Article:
- NAME: Sammy Davis Jr.
- OCCUPATION: Film Actor, Television Actor, Comedian, Dancer, Singer
- BIRTH DATE: December 08, 1925
- DEATH DATE: May 16, 1990
- PLACE OF BIRTH: New York City, New York
- PLACE OF DEATH: Beverly Hills, California
- Full Name: Samuel George Davis Jr.
- AKA: Samuel George Davis
- AKA: Sammy Davis
- AKA: Sammy Davis Jr.
Best Known For
Sammy Davis Jr. was an actor, comedian, singer and dancer, and part of the Rat Pack with Frank Sinatra and Dean Martin, with whom he starred in several films.
Sammy Davis Jr. overcame prevailing racism to become an entertaining legend. He was a successful comedian, actor, dancer and singer. He was a part of the Rat Pack, with Frank Sinatra and Dean Martin.
Watch a short video about Sammy Davis Jr. and find out how this member of the "Rat Pack" caused controversy and lost an eye.
Louis Armstrong, nicknamed "Satchmo," "Pops" and, later, "Ambassador Satch," was born in New Orleans, Louisiana. An all-star virtuoso, he came to prominence in the 1920s, influencing countless musicians.
As part of the Great Migration, jazz legend Duke Ellington moved from Washington D.C. to New York and played a major role in the Harlem Renaissance as the band leader of the Cotton Club.
Think you know about Biography?
Answer questions and see how you rank against other players.Play Now
Born on December 8, 1925, in New York City, Sammy Davis Jr. overcame prevailing racism to become an entertaining legend. He was a successful comedian, actor, dancer and singer. As part of the Rat Pack, with Frank Sinatra and Dean Martin, Davis was known for his films and his partying ways. As his fame grew,
"Being a star has made it possible for me to get insulted in places where the average Negro could never hope to get insulted."
his refusal to appear in any clubs that practiced racial segregation led to the integration of several venues in Miami Beach and Las Vegas.
Sammy Davis Jr. was born Samuel George Davis Jr. on December 8, 1925, in New York City. After his parents split up when he was 3, Davis lived with his father and soon began a career tap-dancing in vaudeville. He, his father and Will Mastin performed as the Will Mastin Trio until Davis left to serve in the United States Army during World War II. During his time in the service, he overcame racial prejudice by joining the entertainment unit.
Upon returning home, Davis resumed his showbiz career, performing stand up, acting and recording music. In 1956, Davis starred on Broadway in Mr. Wonderful, and in 1964 in Golden Boy. His refusal to appear in any clubs that practiced racial segregation led to the integration of several venues in Miami Beach and Las Vegas.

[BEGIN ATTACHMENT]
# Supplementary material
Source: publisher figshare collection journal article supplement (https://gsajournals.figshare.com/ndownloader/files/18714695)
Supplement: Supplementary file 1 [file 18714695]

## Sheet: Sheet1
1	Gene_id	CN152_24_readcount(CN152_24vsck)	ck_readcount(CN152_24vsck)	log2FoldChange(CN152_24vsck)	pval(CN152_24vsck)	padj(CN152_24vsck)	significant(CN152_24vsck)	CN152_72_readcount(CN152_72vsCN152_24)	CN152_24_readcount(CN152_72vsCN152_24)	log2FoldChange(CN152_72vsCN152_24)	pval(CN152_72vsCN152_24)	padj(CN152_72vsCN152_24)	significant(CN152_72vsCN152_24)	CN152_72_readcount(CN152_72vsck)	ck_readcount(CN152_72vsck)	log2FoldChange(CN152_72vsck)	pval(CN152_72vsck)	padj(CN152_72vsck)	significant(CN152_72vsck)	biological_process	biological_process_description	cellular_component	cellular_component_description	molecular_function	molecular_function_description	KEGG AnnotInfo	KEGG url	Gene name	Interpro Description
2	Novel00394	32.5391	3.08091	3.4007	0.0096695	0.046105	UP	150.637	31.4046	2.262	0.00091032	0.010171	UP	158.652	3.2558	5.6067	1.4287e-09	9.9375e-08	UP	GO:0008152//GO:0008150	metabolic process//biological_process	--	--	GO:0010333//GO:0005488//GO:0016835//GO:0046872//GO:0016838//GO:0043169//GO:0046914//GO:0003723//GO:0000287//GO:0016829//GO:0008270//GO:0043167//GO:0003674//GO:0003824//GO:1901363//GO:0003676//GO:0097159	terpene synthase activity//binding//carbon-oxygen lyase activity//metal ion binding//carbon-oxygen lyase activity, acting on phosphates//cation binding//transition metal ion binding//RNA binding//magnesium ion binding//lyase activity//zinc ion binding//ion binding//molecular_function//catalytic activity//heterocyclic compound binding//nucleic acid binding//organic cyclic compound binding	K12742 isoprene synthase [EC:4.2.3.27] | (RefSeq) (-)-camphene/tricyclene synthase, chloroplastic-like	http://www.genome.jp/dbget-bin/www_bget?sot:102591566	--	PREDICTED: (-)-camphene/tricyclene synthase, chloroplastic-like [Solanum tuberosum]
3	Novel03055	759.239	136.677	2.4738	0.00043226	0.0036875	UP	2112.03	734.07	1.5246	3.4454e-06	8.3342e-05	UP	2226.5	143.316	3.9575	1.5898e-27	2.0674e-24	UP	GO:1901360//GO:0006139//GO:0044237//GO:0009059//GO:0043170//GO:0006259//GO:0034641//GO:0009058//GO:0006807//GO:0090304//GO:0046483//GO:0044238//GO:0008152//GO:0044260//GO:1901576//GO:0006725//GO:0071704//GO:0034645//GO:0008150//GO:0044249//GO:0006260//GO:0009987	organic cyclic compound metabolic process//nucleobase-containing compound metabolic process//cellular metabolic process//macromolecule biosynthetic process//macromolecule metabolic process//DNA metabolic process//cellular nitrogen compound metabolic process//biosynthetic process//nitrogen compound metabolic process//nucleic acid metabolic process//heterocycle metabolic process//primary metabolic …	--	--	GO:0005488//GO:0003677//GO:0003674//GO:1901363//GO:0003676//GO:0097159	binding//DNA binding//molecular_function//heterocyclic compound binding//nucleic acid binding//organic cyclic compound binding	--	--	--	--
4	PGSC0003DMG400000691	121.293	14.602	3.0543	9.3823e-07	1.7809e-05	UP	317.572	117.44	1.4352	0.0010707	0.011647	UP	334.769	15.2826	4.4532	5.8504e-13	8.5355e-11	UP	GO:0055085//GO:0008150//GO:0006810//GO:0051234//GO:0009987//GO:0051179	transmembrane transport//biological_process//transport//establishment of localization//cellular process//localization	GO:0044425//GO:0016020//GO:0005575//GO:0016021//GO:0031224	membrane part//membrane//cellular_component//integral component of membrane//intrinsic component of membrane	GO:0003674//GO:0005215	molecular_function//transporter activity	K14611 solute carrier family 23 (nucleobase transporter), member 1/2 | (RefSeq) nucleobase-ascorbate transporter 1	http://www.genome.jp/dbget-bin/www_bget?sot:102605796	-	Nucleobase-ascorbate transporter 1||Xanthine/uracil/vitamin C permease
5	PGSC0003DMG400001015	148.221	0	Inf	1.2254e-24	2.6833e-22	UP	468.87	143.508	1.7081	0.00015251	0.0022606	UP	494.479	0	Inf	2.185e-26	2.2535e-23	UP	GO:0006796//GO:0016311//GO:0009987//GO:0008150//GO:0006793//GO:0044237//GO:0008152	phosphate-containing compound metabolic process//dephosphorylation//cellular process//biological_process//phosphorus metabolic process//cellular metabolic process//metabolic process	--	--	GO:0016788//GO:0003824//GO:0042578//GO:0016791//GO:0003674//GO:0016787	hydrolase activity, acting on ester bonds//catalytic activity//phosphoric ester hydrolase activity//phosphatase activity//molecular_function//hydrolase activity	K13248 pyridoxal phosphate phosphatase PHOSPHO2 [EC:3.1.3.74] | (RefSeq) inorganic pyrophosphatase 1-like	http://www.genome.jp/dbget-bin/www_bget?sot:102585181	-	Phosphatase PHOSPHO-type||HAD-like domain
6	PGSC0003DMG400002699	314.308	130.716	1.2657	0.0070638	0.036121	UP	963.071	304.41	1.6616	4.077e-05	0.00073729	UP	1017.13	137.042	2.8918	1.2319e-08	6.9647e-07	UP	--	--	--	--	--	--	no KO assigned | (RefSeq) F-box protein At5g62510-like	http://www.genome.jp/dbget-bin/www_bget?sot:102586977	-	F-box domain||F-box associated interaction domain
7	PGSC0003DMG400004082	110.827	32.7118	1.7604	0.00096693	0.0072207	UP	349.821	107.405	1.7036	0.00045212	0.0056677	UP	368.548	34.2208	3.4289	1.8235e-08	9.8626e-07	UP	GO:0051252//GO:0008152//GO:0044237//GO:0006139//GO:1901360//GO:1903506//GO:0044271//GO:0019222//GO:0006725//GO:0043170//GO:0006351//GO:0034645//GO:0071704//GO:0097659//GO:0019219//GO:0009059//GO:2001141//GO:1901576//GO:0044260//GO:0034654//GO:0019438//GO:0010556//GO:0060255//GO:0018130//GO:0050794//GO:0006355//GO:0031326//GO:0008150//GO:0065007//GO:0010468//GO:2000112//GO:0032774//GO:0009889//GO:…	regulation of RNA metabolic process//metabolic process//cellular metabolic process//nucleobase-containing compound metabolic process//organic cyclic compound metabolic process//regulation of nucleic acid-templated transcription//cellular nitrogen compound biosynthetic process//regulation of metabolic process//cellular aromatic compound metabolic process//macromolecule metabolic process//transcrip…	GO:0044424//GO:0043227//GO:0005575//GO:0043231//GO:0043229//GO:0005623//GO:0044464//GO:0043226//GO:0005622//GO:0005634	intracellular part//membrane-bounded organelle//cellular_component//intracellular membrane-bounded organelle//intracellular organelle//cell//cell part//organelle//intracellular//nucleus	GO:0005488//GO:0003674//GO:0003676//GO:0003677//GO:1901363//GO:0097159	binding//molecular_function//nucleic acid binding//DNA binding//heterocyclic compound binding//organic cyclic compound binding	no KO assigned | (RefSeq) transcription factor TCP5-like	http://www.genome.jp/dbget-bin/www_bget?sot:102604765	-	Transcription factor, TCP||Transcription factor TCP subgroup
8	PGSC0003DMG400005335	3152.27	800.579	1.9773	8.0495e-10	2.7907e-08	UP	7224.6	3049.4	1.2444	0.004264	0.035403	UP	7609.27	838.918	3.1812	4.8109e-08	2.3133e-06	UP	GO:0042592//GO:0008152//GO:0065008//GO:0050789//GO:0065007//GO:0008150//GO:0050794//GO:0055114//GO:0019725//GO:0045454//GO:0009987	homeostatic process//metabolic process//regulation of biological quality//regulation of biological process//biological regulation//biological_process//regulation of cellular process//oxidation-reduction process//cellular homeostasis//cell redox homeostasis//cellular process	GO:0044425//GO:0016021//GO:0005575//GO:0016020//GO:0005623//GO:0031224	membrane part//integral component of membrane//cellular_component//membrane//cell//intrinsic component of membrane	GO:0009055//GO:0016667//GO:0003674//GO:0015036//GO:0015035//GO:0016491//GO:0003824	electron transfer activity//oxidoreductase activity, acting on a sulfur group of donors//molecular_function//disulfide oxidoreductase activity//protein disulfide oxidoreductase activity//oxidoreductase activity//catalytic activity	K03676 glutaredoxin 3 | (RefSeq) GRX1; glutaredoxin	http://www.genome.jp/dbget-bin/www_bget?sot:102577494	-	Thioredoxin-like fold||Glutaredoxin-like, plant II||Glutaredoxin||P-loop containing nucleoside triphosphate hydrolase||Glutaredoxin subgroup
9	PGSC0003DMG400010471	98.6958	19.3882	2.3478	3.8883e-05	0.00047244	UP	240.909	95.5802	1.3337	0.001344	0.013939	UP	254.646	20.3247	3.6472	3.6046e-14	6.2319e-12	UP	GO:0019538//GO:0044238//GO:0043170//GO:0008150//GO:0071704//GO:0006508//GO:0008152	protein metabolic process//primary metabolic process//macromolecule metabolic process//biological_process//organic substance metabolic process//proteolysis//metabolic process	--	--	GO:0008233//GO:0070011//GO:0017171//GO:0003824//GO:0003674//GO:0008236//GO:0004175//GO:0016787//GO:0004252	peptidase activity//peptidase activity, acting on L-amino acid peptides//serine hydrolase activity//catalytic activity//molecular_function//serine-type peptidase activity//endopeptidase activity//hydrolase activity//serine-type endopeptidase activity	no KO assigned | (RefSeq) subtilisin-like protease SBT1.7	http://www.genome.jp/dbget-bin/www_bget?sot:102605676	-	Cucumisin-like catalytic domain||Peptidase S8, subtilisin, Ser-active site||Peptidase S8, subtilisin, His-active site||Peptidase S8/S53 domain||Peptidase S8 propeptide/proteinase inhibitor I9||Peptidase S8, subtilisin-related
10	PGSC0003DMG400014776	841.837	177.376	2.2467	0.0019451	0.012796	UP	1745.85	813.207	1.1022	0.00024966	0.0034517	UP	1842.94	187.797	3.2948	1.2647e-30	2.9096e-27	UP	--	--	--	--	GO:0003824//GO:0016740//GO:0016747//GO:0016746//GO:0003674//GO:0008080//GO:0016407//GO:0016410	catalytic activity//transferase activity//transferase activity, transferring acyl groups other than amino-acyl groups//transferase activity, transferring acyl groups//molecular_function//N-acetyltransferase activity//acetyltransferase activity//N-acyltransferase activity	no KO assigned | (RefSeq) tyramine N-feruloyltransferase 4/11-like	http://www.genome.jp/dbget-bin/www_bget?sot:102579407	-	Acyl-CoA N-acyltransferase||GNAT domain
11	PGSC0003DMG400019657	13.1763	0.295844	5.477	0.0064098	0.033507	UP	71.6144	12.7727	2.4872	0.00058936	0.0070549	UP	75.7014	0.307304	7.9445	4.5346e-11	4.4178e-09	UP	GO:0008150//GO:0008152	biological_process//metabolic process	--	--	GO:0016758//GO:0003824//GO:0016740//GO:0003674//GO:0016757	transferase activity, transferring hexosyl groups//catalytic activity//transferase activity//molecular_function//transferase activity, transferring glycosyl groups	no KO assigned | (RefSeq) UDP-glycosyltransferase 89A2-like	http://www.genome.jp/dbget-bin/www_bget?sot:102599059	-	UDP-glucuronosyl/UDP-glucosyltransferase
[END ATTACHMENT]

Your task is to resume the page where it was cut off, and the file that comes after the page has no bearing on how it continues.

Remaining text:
Davis's films include Porgy and Bess (1959), Robin and the Seven Hoods with fellow Rat Pack members Frank Sinatra and Dean Martin (1964), Sweet Charity (1968) and Taps (1980). While Davis found his greatest success as a performer in the 1950s and '60s, he continued to entertain and record until the early 1980s.
Davis was involved in a serious automobile accident in 1954, and lost his left eye as a result. While in the hospital, recovering from the accident, the famous performer began studying Judaism, reading, among other works, Paul Johnson's book A History of Jews. Several years later, Davis—who was raised as a Roman Catholic—converted to Judaism.
Davis married Swedish actress May Britt in 1960, when interracial marriages were forbidden by law in 31 states. The couple had one daughter and adopted two sons before divorcing in 1968. Davis was married to dancer Altovise Gore from 1970 until his death, on May 16, 1990, in Beverly Hills, California.
© 2014 A+E Networks. All rights reserved.
profile name: Sammy Davis Jr. profile occupation:
Sign in with Facebook to see how you and your friends are connected to famous icons.
Your Friends' Connections
Included In These Groups
Many African-Americans made their name performing at the Apollo Theater in Harlem, including Ella Fitzgerald, James Brown and Jimi Hendrix. The roster of talented artists who made their careers after a successful amateur night at the Apollo grew so large, that the venue earned a reputation as the place to jump-start the career of an ambitious hopeful. Other performers, like Aretha Franklin and Michael Jackson, came to the theater after experiencing big professional success, adding further credibility to the historic New York concert hall. Explore the biographies of some of the more notable African-Americans who stepped out onto the Apollo stage, making entertainment history.
Apollo Legends 25 people in this group
The Rat Pack 5 people in this group
After the Civil War, many of the country's best and brightest black advocates, artists, entrepreneurs and intellectuals moved to the New York City neighborhood of Harlem. Thanks largely to the efforts of these residents, Harlem became both the cradle of a cultural revolution and the heart of the civil rights movement. Meet some of the many people who gave—and continue to give—this neighborhood a voice, simply by calling it home.
Famous Harlem Residents 62 people in this group